FIG. 4 is a sectional view of the bread toaster of FIG. 1 in which the radiation guide channel is deflected by means of mirrors.

FIG. 1 illustrates an application example of the temperature measuring device of the invention in a bread toaster. The bread toaster is shown in section illustrating only a fragment thereof. To cool the outer walls of the bread toaster, flow channels are formed on the inside of the outer casing walls. A sensing element 1 responsive to thermal radiation is mounted on the inside of the outer casing wall 2 of the bread toaster. Starting from the sensing element 1, further partition walls are provided in the direction of the article 9 being measured--for example, a slice of bread. The first partition wall 4 cooperates with the outer casing wall 2 to provide an upward flow channel 5a for an air current L entering through an air intake opening 14 in the bottom area of the bread toaster. Further, the first partition wall 4 cooperates with a second partition wall 6 to provide the downward flow channel 5b for the air current L. In a known manner, the second partition wall 6 is preferably of sheet metal. The second partition wall 6 is followed by a further partition wall 8 serving as an insulating body on which the heat conductors 7 for the toaster heating unit are mounted. The heat conductors 7 are directed towards the article to be toasted which is received in a toasting chamber 25. To introduce and remove the article 9 to be toasted, a feed/discharge opening 3 is provided on the upper side of the bread toaster and a slide rack 10 holding the bread is disposed inside the bread toaster. The air current L flowing in flow channel 5a, 5b enters the toasting chamber 25 through an outlet opening 15 provided at the base of the partition wall 6.

The partition walls 4, 6 and 8 include each three passageways 11, 12 and 13, respectively, configured as bores and referred to by lower-case letters a, b and c for additional identification, with all bores carrying the same lower-case letter lying on a common straight line. Accordingly, for example, the three bores 11a, 12a, 13a provide a radiation guide channel extending from the surface of the article to be toasted at point "A" in a straight line to the heat-responsive sensing element 1. Similarly, the embodiment of FIG. 1 provides two further radiation guide channels, identified by lower-case letters "b" and "c" which extend from the points "B" and "C" on the surface of the article to be toasted to the heat-responsive sensing element 1. For better distinction, the three radiation guide channels are shown in dot-and-dash lines, with the number of dots differing. As becomes apparent from FIG. 1 further, the three radiation guide channels extend to the sensing element 1 at different angles. As a result, the first radiation guide channel (illustrated with a single dot in the dot-and-dash line) detects the lower surface area of the item being toasted (point "A"). The center radiation guide channel (illustrated with two dots in the dot-and-dash line) detects the center area of the article 9 being toasted (point "B"), whilst the upper radiation guide channel (illustrated with three dots in the dot-and-dash line) detects the upper area (point "C") of the item 9 being toasted. In a modification of this embodiment, it is possible to provide for the three radiation guide channels three sensing elements instead of the single sensing element 1. In this event, the radiation guide channels may extend parallel to each other, for example.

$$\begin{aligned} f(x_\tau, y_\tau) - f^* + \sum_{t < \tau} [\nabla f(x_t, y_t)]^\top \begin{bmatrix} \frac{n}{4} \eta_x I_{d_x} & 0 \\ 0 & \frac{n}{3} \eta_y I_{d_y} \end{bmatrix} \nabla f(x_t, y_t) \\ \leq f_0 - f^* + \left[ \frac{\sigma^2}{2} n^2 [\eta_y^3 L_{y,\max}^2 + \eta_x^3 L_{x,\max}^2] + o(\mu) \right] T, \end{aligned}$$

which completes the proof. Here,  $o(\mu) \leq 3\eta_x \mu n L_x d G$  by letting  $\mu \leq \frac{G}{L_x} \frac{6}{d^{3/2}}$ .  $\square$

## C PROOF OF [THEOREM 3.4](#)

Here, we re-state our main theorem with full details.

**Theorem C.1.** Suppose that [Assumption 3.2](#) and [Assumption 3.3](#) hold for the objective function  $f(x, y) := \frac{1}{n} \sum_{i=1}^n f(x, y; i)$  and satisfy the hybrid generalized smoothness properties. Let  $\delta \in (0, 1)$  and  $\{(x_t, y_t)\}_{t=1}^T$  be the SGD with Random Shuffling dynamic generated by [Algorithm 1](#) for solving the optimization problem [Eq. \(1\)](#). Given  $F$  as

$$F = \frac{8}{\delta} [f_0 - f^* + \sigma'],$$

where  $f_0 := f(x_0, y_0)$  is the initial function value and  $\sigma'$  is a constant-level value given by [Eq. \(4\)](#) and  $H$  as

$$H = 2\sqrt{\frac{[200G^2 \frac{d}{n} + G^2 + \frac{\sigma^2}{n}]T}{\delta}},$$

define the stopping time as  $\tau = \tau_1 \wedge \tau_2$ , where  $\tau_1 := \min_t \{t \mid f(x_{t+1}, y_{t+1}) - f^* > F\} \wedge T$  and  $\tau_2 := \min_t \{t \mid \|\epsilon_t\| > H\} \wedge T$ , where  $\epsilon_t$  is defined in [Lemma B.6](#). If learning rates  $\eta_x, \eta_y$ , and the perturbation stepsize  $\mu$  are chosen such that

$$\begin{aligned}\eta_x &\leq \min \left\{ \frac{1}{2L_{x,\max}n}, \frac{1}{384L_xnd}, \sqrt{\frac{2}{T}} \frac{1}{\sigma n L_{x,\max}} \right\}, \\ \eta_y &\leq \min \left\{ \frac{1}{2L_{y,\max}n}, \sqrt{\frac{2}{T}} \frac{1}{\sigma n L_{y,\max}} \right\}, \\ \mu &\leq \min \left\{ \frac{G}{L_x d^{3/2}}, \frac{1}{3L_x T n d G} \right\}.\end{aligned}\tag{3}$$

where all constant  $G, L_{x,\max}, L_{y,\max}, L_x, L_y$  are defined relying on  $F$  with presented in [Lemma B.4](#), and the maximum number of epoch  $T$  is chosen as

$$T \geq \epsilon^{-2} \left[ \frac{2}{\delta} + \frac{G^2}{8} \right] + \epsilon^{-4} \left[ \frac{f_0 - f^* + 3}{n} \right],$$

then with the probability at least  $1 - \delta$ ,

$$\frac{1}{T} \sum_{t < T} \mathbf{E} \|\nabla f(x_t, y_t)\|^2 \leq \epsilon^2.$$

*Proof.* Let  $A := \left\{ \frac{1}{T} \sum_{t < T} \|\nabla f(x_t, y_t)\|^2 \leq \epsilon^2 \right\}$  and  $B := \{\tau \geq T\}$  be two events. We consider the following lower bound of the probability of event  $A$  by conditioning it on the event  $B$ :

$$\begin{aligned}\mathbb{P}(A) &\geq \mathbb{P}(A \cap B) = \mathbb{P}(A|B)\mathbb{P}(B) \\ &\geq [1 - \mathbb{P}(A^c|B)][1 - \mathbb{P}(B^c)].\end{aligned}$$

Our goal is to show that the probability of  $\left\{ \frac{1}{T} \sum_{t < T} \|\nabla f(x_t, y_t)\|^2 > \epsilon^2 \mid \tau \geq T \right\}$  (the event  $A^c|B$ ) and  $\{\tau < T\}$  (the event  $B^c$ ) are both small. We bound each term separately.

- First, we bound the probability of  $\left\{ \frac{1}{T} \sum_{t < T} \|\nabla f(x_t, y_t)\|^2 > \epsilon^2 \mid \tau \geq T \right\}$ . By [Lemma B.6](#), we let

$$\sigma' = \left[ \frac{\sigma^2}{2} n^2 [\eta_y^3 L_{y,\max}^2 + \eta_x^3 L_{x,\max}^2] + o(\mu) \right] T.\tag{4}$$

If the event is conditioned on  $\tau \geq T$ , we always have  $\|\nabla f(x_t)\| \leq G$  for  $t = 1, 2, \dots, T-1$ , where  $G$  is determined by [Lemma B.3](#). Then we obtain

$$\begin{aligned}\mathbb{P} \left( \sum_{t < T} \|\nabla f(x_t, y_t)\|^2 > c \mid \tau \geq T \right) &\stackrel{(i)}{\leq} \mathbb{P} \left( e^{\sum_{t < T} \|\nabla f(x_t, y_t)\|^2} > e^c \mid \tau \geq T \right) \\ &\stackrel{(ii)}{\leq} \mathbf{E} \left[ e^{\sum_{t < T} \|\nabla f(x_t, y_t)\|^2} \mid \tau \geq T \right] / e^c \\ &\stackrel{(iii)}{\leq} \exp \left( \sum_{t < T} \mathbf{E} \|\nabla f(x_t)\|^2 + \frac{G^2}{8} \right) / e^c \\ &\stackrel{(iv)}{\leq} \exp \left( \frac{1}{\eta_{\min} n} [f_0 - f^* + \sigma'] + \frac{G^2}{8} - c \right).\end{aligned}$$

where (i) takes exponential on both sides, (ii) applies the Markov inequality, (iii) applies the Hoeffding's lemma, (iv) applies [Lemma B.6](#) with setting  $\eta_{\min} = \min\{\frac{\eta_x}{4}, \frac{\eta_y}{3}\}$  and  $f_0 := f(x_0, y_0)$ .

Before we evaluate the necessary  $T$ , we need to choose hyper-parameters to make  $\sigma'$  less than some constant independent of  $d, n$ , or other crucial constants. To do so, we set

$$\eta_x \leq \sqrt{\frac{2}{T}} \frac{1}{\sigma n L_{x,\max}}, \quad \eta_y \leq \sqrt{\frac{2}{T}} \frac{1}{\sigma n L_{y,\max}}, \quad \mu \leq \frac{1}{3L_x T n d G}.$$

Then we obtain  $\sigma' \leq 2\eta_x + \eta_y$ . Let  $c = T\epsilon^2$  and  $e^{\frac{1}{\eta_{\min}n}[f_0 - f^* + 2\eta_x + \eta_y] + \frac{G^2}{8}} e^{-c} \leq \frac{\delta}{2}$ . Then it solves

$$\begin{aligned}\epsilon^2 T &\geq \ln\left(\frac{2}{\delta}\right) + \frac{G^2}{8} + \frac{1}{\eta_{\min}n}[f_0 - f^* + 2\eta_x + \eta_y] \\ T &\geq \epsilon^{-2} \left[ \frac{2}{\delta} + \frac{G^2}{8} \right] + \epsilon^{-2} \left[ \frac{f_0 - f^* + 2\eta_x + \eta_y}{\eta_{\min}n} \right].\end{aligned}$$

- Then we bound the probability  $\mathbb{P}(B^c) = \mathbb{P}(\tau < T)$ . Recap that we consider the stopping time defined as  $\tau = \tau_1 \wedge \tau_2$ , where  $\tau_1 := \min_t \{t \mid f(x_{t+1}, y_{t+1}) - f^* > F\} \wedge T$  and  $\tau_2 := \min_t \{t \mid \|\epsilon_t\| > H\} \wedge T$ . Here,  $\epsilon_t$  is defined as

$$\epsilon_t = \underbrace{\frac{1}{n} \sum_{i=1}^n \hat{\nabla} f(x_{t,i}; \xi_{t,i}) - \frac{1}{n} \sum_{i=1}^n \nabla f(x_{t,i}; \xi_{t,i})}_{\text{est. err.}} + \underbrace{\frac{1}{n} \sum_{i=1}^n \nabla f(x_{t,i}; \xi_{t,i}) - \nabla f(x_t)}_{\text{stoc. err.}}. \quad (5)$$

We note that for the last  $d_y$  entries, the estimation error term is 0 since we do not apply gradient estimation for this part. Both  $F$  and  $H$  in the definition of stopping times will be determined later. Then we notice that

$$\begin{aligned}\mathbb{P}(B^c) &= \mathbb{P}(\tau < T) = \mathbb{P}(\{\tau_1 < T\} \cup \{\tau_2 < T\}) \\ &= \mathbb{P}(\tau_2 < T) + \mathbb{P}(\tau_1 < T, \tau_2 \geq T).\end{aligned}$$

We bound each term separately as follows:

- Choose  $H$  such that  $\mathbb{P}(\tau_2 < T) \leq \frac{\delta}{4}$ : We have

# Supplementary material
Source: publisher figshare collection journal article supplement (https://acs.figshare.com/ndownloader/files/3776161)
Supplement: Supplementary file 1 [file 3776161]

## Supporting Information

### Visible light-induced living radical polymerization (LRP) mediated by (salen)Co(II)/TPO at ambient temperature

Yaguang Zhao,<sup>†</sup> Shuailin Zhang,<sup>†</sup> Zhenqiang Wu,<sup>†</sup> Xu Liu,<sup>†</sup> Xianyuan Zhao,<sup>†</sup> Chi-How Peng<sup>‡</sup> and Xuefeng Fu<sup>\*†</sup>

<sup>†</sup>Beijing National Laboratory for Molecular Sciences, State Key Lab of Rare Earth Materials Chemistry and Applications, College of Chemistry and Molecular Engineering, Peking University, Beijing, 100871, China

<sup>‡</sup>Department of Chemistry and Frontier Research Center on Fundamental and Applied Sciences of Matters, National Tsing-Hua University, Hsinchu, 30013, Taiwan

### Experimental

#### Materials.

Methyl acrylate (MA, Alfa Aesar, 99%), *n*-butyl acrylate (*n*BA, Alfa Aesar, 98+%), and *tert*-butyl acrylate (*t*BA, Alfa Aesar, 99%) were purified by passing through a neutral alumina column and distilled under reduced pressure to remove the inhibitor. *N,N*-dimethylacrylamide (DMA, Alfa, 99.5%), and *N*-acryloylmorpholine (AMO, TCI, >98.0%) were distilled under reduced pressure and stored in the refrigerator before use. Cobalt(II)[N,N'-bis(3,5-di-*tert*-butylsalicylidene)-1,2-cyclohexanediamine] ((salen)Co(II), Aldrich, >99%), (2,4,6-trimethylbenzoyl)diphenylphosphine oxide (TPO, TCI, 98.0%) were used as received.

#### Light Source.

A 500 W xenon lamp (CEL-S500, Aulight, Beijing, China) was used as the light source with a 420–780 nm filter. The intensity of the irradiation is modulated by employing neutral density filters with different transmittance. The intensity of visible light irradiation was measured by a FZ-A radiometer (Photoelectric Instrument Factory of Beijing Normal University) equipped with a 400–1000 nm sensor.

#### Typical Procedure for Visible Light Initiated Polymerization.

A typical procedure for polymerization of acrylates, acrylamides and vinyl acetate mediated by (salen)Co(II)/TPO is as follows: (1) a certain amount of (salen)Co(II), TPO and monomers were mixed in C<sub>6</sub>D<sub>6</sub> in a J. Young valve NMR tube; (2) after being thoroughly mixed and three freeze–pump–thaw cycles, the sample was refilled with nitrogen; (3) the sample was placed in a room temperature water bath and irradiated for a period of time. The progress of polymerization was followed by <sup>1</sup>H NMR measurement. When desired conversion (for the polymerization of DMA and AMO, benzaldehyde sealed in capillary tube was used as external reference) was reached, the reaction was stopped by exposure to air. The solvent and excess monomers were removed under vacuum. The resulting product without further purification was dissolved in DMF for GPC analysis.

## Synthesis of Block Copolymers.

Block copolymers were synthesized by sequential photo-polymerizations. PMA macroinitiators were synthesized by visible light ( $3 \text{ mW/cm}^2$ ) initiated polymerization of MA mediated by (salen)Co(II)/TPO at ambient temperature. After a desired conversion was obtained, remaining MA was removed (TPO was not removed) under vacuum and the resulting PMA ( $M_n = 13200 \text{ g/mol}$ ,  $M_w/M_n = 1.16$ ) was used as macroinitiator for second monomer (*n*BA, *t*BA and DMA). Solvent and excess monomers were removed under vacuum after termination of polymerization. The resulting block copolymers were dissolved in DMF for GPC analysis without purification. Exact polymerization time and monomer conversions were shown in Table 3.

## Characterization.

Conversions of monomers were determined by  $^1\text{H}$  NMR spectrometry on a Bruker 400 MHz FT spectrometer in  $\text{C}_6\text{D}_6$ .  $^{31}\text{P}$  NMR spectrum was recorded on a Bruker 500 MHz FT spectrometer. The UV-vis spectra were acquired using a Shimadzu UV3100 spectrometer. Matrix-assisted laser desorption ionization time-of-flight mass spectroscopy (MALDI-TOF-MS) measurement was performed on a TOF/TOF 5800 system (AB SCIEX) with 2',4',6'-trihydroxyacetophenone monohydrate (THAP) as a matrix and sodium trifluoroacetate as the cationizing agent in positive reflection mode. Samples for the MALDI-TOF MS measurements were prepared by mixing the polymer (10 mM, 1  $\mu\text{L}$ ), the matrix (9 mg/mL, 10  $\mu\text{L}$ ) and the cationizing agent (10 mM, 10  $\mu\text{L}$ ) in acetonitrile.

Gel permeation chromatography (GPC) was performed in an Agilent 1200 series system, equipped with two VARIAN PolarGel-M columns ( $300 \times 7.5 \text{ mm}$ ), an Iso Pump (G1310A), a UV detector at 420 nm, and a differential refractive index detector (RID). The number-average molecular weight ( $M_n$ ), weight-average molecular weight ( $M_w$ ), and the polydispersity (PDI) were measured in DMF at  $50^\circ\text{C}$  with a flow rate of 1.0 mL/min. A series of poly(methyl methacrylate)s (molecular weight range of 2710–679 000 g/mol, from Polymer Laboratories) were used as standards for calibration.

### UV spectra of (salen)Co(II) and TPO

When the heating unit of the bread toaster is activated, the heat conductor 7 has a temperature of, for example, 900 C. on completion of the heating cycle. The high temperature of the bread toaster heating unit and the resulting thermal radiation emitted cause the surface temperature of the article being toasted to rise to values of between 100 C. and 200 C. whereby the surface of the article being toasted caramelizes in known fashion. In view of the high emissive power of the item being toasted, the surface of this item acts as a heat radiator. This thermal radiation is supplied to the sensing element 1 through the three radiation guide channels previously described. Because the intensity of heat radiation increases with the degree of toasting increasing, it can be clearly determined when the set and desired degree of doneness is reached. Because of the low reflectivity of the article being toasted, a relatively low amount of thermal radiation stemming from the heating unit of the bread toaster is directed into the radiation guide channels as a result of reflection by the surface of the article being toasted.